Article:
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Is there a ACL system for "all" revision control systems?

Once upon a time a company started using distributed version control, and setup several project repositories using darcs.

Over time people became more sane and new projects were created in mercurial.

Later still Git became available, and was used by a few of the brave.

Sadly each of these projects is hosted on the same host, and in the home directory of the same user. This means these two commands work:

hg clone ssh://projects@dev.host/foo

git clone ssh://projects@dev.host/bar

I'm now wanting to setup per-repository ACLs and have hit a problem...

There are several git-wrappers such as gitolite and gitosis. There is also the excellent hg-gateway and mercurial-server for dealing with mercurial.

However I've yet to find a wrapper which will handle both git & mercurial repositories, under the same UID. (+ Darcs too, of course).

So my question - is there such a beast out there, or do we need to write it? I expect such a thing would be useful for many people, so I'm surprised I've not yet found it.

Comments On This Entry

  1. [gravitar] bamanzi

    what about rhodecode?

  2. [author] Steve Kemp

    Never heard of it, but I don't think it is what I'm looking for. We already have Redmine for hosting the projects, hosting wikis, documentation, and browsing the code, etc.

    What I'm specifically looking for is a wrapper that will maintain ACLs when checking out a repository via SSH. So we can say something like:


    • All staff can access all repositories.
    • Contractor bob can checkout and commit to project foo only.
    • Contractor kate can checkout project foo, read-only, but have full access to project bar.

  3. [gravitar] Andrew Shadura

    I think RhodeCode is exactly what you need, but it would require you to use https, I guess.

    I'm working on packaging it for Debian, by the way.

  4. [author] Steve Kemp

    I realized, later, that it would work if we were willing to switch to HTTP, but that is probably a step too far at the moment - because we're happy with redmine.


  5. [gravitar] Anonymous

    The freedesktop.org folks have a simple C program that acts like git-shell, but for many different commands. Theirs just handles git, svn, and a couple other things, but extending it to cover darcs and hg should prove trivial. That gives you the limited SSH shell you need. Then just use normal Linux accounts and permissions to control access to the repositories themselves.

  6. [gravitar] Elessar

    I was never really fond of virtual hosting or virtual users, so if I were you I would simply create one Unix account on the server for each user, doing what it takes to restrict them to doing git or hg push. With that, the ACL system you look for already exists: Unix ACLs. Or simpler than that: Unix groups, one per project.

  7. [author] Steve Kemp

    The downside with renaming things, or moving to one user per-project, is that we'd have to make considerable updates:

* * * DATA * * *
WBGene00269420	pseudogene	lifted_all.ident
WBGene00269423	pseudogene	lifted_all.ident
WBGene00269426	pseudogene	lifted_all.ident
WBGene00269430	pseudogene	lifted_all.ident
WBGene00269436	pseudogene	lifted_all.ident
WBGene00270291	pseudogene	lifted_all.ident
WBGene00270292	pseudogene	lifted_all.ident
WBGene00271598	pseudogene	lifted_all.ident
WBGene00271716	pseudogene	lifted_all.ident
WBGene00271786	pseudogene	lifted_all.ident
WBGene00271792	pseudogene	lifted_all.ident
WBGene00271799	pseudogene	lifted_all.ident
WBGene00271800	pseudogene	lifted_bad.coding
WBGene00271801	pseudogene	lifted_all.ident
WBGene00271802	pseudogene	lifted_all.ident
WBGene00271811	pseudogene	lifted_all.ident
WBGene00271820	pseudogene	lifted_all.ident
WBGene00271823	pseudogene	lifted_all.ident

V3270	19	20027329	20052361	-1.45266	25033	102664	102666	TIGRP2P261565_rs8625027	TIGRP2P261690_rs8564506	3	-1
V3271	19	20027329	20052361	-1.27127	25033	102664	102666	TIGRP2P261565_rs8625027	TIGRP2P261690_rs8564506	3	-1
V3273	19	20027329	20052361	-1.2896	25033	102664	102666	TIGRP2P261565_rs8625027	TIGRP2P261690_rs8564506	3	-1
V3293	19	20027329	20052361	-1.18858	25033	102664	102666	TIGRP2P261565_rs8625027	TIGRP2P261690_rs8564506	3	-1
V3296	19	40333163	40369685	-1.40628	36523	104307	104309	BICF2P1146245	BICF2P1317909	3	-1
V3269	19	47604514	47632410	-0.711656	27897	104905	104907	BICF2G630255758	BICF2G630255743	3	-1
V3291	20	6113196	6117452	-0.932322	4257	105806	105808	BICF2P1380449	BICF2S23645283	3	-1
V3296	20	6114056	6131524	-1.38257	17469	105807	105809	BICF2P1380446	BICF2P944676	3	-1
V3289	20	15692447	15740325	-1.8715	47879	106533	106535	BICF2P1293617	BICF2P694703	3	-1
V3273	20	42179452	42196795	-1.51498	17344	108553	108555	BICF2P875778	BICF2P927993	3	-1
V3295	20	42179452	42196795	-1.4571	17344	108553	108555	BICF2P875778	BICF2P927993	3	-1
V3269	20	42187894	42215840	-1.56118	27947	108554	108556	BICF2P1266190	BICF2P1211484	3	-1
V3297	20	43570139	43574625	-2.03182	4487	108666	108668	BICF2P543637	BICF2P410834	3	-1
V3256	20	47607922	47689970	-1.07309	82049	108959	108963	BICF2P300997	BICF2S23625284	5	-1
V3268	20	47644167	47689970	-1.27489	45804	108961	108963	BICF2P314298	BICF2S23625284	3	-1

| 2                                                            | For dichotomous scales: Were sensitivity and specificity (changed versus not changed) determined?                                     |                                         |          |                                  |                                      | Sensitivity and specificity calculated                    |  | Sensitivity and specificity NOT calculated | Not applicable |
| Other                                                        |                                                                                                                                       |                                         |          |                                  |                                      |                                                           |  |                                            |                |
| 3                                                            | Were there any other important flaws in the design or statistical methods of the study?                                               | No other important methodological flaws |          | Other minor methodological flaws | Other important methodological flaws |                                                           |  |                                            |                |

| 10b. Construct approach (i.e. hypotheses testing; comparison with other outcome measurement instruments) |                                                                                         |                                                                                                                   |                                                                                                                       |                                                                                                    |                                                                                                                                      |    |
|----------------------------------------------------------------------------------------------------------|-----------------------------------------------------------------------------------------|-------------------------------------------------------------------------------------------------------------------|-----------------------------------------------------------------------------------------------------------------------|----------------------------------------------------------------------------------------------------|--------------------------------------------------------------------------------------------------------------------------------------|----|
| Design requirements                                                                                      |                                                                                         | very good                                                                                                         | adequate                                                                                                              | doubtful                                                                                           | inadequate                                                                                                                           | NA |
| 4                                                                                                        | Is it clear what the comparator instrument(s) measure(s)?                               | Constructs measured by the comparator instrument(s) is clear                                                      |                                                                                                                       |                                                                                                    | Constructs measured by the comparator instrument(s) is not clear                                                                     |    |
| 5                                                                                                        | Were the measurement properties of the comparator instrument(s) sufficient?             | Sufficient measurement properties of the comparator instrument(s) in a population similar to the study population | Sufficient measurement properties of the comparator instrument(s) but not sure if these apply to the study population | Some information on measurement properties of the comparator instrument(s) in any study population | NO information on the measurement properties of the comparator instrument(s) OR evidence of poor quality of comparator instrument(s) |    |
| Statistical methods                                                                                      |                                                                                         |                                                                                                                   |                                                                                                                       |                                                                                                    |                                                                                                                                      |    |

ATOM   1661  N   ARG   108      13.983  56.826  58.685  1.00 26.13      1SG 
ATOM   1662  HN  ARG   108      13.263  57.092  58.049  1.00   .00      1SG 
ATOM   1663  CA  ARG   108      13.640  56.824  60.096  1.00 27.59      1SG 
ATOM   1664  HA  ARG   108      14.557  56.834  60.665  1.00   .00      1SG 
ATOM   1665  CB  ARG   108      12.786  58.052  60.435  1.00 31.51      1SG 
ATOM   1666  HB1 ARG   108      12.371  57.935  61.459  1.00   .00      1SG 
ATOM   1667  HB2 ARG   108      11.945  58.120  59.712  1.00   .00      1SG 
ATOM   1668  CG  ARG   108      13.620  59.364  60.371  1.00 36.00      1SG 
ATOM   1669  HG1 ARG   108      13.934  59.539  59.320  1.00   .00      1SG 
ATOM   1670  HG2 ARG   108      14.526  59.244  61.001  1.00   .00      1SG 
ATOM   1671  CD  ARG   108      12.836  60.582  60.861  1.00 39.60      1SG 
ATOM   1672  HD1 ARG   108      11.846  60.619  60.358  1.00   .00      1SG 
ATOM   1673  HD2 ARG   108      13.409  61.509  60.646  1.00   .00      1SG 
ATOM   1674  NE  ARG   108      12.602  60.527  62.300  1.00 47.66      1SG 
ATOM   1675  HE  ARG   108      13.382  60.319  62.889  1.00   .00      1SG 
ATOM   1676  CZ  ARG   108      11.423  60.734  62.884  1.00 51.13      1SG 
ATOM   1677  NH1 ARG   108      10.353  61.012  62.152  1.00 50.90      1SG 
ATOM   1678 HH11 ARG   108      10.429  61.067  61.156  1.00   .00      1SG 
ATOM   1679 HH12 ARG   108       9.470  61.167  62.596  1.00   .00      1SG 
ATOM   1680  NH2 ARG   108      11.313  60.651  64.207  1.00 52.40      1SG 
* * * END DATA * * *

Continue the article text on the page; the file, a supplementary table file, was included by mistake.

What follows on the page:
• Hudson/Jenkins checkout paths.
    • Per-Host checkouts of firewalls, etc.

    It could be done, but given that the current solution works - albeit without any restrictions on users - it seems like it should be possible. The gitosis/hg-gateway would be perfect if we were using only a simple DVCS system.

    In the absence of any good tool suggestions it seems like we'll have to write our own.

  8. [gravitar] Chow Loong Jin

    gitolite works by using .ssh/authorized_keys and force-command, then interpreting $SSH_ORIGINAL_COMMAND to figure out what the client wanted to do.

    I don't know how hg's stuff works over SSH, but it's quite likely that you could just write a small wrapper for use with force-command that checks if $SSH_ORIGINAL_COMMAND starts with git or hg, and calling the appropriate tool.

  9. [gravitar] Alex

    Possibly convert over to Git as a common repository format, and then use tools (http://hg-git.github.com/) to make existing systems work with that?

  10. [gravitar] Jan Hudec

    I don't think there is any, but it should be easy to extend either gitosis, gitolite or hg-gateweay to support the other system too. You only need to teach it to understand the `SSH_COMMAND` sent by the other system.

  11. [gravitar] Elessar

    Steve, I do not understand your reply. There is no need to defined one Unix user per project, just one Unix user per user, and one group per project. After that, it is just usual Unix group membership management. And no need to rename whatever, you can still put your repositories wherever you like.

  12. [author] Steve Kemp

    Elessar - I think I misunderstood your idea initially, thanks. Though I'd prefer not to add more users to the system - the whole idea of having all projects stored beneath ~projects was that we'd not need to create logins/accounts for other users. If I understand your suggestion fully I think you're suggesting we add unix users for each users, and then change the projects to be owned by projects:group, where the committers would be added to the group.

    Everybody else: Yes, using ~/.ssh/authorized_keys is the route we expect to go down. The choice seems to be extend one of the existing wrappers to support the extra revision control systems we use, or write our own.

    I think extending would be simple for most, but it comes down to whether the projects would accept being revision-control-agnostic or not. I'll look over the code and see if I can persuade the author(s) that it would be a sane choice.

    Alex: I think mass-converting repositories wouldn't be something I'd enjoy doing. It's probably painless, and probably safe, but many projects are essentially mothballed and I'd rather not get into changing/updating them.